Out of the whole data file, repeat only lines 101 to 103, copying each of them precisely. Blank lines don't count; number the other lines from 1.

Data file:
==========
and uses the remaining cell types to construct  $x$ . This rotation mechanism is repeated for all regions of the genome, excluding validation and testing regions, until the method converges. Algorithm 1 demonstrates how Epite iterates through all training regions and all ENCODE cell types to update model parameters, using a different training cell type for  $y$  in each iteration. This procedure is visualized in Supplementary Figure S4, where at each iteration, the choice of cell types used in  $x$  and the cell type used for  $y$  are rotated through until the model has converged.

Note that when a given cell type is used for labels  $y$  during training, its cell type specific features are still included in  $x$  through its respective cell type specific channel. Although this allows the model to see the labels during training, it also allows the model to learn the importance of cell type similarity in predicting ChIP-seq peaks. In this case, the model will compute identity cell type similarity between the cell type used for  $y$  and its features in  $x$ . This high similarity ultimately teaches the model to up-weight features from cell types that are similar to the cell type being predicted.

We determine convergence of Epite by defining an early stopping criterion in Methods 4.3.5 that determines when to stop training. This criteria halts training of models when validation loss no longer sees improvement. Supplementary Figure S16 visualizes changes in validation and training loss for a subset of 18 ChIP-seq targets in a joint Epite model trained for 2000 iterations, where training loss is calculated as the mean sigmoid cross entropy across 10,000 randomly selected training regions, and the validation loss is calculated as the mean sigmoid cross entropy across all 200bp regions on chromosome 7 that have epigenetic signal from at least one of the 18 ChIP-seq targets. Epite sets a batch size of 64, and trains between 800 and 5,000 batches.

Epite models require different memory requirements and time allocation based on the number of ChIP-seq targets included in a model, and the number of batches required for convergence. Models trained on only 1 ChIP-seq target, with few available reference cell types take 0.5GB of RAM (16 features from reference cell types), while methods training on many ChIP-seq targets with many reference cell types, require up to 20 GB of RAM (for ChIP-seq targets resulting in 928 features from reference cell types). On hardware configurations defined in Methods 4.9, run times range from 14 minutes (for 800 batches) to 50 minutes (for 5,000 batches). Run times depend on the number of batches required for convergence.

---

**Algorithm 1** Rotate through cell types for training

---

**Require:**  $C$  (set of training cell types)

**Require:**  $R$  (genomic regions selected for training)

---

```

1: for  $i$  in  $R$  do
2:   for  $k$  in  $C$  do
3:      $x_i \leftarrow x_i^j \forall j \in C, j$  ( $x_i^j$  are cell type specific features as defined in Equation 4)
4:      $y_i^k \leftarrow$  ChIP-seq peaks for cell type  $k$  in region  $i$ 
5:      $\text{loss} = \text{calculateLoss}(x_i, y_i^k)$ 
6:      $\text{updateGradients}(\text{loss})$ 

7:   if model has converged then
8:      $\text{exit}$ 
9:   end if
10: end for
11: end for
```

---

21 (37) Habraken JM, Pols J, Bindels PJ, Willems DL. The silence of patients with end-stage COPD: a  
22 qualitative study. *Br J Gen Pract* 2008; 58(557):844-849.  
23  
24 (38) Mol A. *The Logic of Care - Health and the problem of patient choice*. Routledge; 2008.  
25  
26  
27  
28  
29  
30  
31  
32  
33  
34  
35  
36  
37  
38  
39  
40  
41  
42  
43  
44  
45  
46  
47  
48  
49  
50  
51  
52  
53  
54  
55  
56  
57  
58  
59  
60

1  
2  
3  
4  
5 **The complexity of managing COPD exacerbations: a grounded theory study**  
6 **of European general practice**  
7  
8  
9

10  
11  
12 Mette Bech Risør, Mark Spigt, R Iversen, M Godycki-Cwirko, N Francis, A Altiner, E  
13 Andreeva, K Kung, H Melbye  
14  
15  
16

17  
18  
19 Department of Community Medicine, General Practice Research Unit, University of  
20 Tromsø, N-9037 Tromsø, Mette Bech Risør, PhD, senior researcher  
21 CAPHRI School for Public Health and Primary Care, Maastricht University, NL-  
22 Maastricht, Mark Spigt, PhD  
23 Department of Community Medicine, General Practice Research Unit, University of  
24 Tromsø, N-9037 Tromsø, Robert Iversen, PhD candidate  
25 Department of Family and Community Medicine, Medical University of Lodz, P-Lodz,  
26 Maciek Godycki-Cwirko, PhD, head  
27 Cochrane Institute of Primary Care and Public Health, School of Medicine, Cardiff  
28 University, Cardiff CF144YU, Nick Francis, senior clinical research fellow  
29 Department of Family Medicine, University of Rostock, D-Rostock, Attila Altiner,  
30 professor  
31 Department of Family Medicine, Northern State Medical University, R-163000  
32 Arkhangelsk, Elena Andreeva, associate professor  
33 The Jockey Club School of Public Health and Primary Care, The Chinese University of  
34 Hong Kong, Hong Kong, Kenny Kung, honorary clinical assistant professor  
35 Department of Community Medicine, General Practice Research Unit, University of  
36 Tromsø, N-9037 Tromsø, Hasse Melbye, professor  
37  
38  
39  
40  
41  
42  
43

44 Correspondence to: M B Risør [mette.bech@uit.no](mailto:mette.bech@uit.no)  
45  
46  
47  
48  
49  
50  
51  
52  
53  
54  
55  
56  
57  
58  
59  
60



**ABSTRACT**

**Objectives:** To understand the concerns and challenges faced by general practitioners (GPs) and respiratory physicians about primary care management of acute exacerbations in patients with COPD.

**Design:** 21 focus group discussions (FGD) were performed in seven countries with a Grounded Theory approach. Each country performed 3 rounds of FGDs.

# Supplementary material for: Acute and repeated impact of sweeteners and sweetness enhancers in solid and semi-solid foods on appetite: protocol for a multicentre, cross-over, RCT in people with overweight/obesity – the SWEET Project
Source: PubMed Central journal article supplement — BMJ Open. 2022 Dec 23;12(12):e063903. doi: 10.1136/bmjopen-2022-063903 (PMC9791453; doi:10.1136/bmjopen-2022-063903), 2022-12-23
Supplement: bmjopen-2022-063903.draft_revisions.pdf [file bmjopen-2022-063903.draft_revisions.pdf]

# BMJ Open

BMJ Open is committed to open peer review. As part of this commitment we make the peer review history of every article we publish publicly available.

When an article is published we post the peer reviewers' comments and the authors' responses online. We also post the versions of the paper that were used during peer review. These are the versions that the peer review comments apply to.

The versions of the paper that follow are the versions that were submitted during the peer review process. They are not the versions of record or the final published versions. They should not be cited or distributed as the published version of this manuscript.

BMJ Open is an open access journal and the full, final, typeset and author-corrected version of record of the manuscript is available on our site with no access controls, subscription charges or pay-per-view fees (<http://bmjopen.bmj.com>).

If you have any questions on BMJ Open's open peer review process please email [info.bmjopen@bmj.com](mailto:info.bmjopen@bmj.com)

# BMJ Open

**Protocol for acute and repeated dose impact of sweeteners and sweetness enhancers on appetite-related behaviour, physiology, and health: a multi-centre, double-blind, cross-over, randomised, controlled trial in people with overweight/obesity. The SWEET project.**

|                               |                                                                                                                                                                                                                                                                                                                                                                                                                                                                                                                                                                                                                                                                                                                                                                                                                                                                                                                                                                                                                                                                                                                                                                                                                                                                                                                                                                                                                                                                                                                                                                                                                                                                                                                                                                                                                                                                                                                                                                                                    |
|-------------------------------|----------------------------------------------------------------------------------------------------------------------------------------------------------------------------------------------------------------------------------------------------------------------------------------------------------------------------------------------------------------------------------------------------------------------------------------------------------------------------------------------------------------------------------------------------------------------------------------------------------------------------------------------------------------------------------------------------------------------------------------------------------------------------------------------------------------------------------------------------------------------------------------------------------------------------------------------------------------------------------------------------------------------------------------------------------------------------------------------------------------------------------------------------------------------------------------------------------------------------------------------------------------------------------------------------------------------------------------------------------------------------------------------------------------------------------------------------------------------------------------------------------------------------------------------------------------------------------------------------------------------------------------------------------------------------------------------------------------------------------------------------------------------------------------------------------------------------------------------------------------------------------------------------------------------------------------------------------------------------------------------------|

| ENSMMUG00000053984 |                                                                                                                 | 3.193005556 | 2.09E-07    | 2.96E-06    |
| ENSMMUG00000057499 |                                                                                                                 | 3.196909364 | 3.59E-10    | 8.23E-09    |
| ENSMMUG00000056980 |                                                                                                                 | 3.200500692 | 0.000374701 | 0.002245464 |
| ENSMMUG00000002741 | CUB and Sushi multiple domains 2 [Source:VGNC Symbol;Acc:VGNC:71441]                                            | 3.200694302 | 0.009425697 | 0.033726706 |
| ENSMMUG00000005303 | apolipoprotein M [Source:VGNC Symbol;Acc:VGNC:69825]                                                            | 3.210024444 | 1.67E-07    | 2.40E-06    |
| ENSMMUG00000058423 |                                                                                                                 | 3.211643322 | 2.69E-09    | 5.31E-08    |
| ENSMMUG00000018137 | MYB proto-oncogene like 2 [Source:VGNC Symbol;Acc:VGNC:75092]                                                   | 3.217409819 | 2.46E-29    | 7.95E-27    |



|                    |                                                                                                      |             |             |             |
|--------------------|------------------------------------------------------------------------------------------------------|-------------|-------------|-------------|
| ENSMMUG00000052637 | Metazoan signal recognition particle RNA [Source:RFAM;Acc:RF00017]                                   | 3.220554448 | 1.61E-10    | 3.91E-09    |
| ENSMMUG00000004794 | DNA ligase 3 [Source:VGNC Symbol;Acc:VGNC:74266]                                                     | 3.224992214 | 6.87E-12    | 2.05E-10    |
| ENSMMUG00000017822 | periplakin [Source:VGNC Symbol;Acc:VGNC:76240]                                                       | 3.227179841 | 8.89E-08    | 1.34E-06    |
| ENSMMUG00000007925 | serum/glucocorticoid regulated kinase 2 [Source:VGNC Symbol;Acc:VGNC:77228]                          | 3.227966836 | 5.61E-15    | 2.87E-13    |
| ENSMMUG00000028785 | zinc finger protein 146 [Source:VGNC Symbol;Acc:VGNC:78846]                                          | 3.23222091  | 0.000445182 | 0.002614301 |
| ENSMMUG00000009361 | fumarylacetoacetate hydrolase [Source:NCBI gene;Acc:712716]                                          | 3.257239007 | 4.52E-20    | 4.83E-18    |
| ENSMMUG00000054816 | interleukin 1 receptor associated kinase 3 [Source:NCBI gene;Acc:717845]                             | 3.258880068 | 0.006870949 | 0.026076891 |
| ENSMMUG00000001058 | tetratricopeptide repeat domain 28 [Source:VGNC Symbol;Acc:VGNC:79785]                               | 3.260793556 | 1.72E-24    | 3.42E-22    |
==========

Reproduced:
37  
38  
39  